American in Spain

Connecticut Yankees in King Erik's Court

July 16, 2009

Today on my morning walk with Nora, I heard an American voice behind me. I slowed to eavesdrop, as anyone would, and heard a woman properly evaluate the filthiest bar in town as inappropriate for her business. I watched as they chose another establishment, and circled back around to enter the place myself and order a drink. I chatted with the waitress for a few minutes while I sipped my icy beverage. This waitress is one of Nora's biggest fans, and she'll drop whatever she's doing to come see Nora when we enter. Once the Americans had finished their tapas, and I my drink, I walked over and said, "Excuse me, but I couldn't help but notice that you're American. What on earth are you doing in Colindres?" I had been observing the American couple the whole time I was at the bar. They were in their seventies, gray hair, and very slightly hunched over. It was obvious that they had been married for decades, because not one word was spoken at the table. They read their English newspapers, sipped their beers, and ate their sandwiches.

The woman responded, "Well, we are Americans, from Connecticut, but we haven't lived in the US since 1968. We spend half the year in England, and the other half in France. Right now we're just passing through on our way to Santiago de Compostela."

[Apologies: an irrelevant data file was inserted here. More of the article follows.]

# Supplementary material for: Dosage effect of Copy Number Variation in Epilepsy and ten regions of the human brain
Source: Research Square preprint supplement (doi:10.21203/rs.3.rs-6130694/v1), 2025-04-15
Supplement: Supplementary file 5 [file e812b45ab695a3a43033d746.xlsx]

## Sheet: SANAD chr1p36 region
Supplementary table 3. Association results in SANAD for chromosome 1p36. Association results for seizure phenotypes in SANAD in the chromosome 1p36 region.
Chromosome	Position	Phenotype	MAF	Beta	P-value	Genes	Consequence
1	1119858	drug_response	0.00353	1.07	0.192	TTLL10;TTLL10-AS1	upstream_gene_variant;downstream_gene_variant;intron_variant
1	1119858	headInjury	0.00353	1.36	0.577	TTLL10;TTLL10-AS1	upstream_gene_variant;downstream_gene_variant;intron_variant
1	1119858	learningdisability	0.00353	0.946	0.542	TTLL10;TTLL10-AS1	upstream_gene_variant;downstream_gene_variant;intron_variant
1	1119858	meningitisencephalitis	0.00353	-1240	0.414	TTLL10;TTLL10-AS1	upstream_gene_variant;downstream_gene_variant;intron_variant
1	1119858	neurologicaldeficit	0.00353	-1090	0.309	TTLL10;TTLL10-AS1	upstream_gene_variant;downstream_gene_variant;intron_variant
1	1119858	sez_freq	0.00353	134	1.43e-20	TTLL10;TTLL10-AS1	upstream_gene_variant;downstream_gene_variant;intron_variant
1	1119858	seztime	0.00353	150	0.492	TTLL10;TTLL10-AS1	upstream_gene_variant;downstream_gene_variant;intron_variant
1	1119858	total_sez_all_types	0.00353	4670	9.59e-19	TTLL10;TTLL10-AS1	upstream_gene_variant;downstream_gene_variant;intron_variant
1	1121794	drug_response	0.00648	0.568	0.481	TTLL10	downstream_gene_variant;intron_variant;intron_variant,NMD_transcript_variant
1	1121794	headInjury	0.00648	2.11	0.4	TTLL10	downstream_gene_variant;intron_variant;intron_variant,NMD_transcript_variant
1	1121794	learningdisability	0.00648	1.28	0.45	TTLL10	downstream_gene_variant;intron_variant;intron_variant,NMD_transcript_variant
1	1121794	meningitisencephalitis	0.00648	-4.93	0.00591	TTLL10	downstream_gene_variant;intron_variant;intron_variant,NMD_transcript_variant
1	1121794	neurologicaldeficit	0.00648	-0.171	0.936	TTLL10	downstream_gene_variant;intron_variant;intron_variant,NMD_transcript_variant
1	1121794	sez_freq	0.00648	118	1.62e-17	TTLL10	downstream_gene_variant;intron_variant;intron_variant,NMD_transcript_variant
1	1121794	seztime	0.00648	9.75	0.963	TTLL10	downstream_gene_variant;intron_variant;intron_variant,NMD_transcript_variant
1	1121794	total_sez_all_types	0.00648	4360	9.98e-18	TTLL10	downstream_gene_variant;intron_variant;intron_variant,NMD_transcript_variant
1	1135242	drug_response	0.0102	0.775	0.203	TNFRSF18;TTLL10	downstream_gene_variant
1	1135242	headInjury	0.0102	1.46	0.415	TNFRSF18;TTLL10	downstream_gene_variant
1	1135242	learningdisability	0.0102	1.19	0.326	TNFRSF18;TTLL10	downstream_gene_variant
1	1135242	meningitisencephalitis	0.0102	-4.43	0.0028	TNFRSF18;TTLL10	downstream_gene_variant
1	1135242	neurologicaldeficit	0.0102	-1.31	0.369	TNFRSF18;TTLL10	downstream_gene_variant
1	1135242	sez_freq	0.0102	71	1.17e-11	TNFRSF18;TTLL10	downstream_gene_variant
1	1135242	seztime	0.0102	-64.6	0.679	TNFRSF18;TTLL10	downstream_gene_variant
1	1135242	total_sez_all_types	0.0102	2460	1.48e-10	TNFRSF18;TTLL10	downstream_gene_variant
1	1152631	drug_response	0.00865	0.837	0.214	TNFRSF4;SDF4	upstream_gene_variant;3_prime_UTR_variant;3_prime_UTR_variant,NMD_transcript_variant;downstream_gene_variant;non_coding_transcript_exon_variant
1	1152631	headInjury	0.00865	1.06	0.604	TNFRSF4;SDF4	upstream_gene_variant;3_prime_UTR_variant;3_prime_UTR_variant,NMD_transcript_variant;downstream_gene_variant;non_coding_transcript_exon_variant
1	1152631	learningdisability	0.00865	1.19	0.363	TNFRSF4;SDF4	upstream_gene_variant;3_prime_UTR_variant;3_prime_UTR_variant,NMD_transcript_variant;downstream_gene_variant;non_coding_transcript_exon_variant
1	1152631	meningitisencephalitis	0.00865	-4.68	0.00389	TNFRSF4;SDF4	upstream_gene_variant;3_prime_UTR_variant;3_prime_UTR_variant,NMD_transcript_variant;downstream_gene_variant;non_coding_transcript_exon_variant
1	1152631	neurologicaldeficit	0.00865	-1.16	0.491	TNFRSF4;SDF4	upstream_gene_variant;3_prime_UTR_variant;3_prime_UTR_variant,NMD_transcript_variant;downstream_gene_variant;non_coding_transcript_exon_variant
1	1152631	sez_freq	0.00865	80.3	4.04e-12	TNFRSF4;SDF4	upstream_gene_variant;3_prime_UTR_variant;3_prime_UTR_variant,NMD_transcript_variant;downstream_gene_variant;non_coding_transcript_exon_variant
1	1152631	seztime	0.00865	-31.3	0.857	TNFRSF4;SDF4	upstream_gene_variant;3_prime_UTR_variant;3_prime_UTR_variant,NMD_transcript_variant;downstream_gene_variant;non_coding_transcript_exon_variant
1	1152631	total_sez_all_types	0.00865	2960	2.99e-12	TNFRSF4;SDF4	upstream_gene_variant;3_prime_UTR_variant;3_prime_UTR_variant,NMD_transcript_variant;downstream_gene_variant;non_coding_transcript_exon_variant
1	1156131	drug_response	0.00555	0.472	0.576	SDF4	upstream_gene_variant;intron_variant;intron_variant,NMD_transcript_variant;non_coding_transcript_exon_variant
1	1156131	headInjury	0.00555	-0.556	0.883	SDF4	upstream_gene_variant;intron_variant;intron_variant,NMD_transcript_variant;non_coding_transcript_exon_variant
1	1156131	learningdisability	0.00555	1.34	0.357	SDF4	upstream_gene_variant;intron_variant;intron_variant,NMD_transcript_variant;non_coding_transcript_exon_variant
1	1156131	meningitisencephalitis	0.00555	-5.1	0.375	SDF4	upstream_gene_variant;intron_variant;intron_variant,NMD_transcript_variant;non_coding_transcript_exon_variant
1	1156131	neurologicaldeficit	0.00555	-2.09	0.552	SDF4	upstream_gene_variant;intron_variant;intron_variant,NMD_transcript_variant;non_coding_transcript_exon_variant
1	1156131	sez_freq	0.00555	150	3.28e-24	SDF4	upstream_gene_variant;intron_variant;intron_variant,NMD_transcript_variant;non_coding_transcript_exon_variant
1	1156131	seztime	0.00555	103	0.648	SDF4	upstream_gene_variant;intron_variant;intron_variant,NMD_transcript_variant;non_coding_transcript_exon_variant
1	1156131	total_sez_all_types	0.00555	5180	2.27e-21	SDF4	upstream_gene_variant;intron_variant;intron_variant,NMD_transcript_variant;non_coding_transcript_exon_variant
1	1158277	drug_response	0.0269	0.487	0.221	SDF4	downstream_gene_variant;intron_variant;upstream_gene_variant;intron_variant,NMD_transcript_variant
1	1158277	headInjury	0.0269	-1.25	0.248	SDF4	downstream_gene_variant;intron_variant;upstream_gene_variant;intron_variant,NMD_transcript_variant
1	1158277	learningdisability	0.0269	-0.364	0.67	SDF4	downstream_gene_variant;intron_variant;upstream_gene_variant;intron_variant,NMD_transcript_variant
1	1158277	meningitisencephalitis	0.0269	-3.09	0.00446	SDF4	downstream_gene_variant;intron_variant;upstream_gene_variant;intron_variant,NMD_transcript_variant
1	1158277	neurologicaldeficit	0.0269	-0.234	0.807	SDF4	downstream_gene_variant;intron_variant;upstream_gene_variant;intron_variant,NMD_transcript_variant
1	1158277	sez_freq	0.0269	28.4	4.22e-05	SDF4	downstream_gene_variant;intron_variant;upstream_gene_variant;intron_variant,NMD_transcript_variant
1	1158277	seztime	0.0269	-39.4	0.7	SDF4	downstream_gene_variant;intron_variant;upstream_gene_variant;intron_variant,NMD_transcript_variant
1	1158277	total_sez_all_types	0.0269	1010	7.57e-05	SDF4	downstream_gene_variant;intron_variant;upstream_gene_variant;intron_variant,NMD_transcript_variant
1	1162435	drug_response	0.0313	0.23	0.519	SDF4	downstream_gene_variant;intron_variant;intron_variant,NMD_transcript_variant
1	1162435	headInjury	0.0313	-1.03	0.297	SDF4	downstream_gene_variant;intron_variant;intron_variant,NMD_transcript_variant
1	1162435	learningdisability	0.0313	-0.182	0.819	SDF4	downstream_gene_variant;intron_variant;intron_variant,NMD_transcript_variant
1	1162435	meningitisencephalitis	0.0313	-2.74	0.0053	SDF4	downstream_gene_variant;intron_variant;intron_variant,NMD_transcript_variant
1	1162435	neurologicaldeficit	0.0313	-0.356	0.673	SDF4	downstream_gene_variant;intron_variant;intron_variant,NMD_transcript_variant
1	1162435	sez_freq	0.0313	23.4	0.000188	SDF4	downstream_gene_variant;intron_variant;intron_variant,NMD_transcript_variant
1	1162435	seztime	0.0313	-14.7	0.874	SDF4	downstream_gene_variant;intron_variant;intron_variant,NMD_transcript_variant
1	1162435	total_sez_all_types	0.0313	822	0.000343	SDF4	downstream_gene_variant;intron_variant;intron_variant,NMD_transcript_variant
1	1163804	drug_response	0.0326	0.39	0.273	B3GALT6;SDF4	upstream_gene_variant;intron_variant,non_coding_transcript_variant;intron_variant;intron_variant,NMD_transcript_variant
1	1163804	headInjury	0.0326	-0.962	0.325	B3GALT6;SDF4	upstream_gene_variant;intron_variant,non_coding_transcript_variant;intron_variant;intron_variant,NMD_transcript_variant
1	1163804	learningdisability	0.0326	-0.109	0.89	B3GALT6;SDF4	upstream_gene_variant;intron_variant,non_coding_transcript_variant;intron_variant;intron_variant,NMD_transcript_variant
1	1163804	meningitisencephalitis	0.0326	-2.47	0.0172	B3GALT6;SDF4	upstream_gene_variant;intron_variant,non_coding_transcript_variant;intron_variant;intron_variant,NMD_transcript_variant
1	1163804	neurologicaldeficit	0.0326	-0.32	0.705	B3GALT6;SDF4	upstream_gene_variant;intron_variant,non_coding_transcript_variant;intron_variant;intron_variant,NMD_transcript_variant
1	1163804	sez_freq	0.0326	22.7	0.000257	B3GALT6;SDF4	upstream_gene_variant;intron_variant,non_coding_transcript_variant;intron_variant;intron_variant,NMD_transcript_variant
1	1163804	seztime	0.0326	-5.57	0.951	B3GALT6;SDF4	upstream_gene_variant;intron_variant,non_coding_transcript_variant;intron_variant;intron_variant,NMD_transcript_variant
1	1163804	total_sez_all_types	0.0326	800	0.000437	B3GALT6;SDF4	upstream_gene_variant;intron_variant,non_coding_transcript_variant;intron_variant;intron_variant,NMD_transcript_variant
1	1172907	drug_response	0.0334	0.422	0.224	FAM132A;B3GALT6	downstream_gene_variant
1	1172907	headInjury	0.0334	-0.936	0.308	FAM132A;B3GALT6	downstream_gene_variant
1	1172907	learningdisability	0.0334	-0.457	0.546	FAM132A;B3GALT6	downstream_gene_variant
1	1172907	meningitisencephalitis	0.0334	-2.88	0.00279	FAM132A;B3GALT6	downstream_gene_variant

Immediately they reminded me of my maternal grandparents, who traveled abroad frequently and remain eternally about 75 years old in my memory. The woman was soft spoken, polite, and articulate, asking me insightful questions about life in Spain. The man grumbled into his map that he'd been staring at for ten minutes, but closely observed the conversation, occasionally interjecting an interesting comment. He had already planned the general area where they would spend the night, just inside the border of Asturias, and asked me how long I thought it would take to get there. It took all my might to resist whipping out my iPhone and Google Maps, as I told him that you could make it in two hours without a problem.

The man went to the bar to pay, they both asked Nora's age and commented on how lucky she was to grow up bilingual, thanked me for stopping by to chat, and said goodbye. As they were leaving, I said, "Just to put in perspective how long you've been away from the States, today is the 40th anniversary of the launch of Apollo 11."

"Wow," she said, "forty years..."